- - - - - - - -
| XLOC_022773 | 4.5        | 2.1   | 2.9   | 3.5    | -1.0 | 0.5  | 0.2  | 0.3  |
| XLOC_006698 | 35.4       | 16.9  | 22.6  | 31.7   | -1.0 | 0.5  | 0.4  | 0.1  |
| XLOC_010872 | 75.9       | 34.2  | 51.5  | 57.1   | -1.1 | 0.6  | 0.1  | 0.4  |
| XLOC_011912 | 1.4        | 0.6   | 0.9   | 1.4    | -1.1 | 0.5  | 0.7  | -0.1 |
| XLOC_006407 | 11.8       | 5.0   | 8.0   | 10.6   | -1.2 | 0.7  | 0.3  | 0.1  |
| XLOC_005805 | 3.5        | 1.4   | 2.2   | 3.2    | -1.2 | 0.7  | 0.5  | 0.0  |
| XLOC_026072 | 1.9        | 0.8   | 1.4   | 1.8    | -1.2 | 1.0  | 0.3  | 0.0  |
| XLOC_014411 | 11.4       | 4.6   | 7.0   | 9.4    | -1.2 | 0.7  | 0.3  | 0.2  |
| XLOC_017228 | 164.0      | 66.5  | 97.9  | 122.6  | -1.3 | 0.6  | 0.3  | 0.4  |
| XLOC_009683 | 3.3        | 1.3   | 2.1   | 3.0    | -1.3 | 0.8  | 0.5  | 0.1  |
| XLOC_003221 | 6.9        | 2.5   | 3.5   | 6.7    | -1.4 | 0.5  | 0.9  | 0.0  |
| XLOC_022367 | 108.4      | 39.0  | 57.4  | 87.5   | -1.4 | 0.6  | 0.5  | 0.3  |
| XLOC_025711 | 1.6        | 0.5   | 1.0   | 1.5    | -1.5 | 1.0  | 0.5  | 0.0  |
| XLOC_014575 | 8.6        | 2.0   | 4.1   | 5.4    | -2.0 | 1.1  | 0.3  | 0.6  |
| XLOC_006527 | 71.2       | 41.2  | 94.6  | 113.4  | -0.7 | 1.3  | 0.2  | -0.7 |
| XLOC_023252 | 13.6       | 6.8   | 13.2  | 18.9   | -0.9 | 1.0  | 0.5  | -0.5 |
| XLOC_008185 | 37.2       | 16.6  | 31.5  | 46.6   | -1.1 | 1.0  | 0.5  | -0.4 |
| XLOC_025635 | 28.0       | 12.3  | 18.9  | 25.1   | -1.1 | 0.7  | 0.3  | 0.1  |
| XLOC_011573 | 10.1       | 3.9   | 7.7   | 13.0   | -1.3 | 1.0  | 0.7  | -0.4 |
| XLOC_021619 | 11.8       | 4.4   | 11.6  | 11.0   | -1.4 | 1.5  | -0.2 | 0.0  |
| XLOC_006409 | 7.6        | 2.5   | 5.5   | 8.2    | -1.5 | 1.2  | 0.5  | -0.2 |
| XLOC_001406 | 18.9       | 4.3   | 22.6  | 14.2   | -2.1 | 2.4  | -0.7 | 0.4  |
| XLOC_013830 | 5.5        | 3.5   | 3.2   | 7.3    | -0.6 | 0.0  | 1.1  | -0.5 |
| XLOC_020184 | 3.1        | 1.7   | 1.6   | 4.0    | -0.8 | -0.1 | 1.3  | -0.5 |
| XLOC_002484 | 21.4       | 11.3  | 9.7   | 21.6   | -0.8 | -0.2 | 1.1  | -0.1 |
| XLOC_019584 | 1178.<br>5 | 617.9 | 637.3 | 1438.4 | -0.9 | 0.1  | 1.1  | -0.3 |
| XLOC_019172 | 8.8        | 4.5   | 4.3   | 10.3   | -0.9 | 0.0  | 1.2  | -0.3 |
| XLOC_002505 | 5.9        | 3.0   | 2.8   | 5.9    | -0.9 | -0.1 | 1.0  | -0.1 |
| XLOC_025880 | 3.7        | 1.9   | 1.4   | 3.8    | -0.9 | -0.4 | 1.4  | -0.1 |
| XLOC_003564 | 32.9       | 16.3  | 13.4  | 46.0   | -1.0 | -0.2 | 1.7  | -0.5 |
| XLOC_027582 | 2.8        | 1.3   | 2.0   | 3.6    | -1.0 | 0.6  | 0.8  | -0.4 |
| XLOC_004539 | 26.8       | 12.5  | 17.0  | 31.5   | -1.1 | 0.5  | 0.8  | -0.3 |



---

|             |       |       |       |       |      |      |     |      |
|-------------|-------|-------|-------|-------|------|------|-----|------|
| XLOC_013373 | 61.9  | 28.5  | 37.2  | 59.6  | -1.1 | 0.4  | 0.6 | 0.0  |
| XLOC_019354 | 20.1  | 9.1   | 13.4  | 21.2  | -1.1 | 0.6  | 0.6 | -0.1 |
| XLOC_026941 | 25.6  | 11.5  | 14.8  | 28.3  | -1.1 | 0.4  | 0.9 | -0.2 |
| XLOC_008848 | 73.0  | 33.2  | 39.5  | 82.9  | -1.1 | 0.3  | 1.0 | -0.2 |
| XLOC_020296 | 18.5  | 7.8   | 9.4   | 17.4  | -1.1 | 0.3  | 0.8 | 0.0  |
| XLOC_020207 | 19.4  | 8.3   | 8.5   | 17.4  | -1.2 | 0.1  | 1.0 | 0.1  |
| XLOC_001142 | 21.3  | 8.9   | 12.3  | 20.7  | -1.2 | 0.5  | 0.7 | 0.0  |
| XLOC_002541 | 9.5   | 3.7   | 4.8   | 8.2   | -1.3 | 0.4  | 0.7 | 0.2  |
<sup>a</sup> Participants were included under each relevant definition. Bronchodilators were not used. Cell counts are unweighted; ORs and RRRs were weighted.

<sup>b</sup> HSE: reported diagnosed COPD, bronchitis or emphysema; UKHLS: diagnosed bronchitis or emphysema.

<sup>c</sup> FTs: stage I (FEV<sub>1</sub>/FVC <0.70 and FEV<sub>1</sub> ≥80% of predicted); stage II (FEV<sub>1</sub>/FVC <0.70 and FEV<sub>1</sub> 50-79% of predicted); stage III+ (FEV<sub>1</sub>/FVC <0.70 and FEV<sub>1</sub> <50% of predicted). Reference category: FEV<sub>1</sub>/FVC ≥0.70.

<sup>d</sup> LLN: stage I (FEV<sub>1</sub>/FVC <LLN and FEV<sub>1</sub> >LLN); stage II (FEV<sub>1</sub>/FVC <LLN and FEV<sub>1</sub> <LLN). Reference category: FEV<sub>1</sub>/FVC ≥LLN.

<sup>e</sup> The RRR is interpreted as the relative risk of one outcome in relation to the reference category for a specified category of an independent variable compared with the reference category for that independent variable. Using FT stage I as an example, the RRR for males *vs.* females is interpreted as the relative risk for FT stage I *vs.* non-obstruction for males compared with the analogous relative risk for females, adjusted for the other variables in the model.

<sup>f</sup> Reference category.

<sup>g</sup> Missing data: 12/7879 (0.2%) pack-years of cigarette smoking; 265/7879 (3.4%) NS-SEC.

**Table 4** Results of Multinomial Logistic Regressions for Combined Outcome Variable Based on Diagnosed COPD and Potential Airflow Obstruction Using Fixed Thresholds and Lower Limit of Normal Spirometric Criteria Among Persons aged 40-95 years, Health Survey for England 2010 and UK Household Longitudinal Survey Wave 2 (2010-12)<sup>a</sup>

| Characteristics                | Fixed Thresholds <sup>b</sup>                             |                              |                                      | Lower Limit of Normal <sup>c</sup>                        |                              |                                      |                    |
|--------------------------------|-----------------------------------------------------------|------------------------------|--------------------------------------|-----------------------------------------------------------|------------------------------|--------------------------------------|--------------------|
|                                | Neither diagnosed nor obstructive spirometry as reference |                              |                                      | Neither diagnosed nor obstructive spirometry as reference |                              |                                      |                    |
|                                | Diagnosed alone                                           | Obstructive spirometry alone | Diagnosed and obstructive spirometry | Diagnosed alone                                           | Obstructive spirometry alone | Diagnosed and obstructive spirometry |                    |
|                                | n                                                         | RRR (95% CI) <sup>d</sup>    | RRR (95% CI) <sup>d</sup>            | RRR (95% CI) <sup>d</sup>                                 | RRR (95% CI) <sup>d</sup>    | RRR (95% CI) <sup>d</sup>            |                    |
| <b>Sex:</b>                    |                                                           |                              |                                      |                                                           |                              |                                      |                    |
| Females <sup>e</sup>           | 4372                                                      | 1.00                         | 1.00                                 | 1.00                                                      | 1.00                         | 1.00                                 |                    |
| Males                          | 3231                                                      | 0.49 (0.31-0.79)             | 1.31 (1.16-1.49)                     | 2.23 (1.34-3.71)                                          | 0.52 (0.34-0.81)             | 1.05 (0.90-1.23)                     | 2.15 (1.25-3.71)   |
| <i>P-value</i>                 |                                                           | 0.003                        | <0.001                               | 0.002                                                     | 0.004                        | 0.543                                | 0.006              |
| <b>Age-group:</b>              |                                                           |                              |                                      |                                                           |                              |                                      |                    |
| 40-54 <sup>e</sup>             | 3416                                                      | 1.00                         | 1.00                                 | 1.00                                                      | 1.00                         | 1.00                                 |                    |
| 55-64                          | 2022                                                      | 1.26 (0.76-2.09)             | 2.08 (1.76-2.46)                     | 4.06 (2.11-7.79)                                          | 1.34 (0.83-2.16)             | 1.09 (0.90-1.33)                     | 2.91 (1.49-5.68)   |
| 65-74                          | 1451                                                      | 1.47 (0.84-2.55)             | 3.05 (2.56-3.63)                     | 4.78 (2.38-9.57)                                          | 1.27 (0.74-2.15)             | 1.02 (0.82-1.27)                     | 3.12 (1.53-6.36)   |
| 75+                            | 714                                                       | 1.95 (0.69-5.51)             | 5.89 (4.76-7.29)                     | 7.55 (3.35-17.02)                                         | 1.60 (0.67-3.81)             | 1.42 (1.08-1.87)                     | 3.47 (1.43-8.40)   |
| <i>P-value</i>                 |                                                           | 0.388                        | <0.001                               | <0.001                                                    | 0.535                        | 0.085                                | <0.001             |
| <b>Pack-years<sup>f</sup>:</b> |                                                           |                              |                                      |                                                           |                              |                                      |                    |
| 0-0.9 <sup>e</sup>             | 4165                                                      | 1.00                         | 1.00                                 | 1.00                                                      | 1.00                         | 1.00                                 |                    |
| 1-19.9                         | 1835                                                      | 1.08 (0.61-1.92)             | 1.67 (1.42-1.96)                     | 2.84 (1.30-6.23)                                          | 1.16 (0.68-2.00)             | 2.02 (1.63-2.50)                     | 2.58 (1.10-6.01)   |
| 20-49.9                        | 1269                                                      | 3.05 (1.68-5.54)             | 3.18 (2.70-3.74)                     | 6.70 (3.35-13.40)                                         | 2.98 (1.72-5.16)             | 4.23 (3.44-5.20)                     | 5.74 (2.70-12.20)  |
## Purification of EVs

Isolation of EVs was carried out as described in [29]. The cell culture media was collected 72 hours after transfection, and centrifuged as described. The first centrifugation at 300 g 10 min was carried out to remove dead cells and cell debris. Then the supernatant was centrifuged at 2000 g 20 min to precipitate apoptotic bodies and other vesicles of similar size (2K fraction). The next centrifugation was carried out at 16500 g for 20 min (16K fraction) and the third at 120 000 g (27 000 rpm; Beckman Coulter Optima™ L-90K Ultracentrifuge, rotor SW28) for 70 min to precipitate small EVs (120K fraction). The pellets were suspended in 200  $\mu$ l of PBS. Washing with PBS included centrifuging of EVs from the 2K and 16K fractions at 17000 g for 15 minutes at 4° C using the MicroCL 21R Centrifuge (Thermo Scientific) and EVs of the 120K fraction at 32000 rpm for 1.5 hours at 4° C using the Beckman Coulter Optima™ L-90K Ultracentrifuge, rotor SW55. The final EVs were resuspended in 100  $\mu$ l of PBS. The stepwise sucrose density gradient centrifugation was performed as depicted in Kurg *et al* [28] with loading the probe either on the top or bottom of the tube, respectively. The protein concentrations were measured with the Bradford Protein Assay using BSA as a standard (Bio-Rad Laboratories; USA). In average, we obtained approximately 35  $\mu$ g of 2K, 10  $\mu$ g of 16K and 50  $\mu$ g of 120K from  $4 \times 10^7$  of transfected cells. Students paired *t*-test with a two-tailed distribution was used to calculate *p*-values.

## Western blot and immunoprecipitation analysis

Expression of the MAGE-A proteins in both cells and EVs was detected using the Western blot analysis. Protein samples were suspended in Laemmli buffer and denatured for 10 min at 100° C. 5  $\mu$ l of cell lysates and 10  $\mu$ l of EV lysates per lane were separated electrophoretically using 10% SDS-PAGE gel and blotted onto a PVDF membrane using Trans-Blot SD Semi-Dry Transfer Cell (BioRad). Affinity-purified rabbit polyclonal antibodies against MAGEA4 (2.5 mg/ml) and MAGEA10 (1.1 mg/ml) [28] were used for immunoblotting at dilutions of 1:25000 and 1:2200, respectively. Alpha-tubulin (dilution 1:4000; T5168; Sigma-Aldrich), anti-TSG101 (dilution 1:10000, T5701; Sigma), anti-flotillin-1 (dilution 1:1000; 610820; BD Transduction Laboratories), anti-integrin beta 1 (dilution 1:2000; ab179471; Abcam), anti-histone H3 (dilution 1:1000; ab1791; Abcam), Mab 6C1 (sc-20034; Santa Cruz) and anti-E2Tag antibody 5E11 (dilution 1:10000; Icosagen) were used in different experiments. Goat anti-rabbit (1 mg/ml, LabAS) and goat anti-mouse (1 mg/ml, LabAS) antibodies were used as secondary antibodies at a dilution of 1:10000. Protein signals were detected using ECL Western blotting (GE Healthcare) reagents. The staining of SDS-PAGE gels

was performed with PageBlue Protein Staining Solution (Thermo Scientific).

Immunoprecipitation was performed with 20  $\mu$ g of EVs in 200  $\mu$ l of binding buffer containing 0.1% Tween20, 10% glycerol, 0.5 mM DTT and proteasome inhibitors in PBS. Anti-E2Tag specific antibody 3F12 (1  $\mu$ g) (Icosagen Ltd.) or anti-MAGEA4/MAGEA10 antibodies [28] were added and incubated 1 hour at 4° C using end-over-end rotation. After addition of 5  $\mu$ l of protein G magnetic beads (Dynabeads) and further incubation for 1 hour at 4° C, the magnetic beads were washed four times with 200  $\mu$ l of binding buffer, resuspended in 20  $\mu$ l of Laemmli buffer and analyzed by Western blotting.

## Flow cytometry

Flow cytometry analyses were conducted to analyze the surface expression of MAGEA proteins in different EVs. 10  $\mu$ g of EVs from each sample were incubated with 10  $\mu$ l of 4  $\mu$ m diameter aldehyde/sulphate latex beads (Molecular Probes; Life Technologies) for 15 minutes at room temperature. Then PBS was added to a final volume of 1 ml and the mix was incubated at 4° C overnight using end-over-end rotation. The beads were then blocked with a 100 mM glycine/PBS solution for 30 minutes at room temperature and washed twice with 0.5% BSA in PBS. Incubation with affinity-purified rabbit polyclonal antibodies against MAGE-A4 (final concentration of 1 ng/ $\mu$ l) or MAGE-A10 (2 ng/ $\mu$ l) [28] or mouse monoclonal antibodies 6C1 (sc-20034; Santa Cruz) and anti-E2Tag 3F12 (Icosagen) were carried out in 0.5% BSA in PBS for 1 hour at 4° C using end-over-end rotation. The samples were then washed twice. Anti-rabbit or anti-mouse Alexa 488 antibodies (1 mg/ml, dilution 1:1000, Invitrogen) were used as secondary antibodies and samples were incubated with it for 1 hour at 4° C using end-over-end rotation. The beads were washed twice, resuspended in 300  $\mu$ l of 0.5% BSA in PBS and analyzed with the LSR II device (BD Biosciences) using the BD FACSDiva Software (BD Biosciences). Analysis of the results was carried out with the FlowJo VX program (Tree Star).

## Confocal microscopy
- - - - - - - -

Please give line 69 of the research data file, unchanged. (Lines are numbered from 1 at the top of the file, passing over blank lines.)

| 1-19.9                         | 1835                                                      | 1.08 (0.61-1.92)             | 1.67 (1.42-1.96)                     | 2.84 (1.30-6.23)                                          | 1.16 (0.68-2.00)             | 2.02 (1.63-2.50)                     | 2.58 (1.10-6.01)   |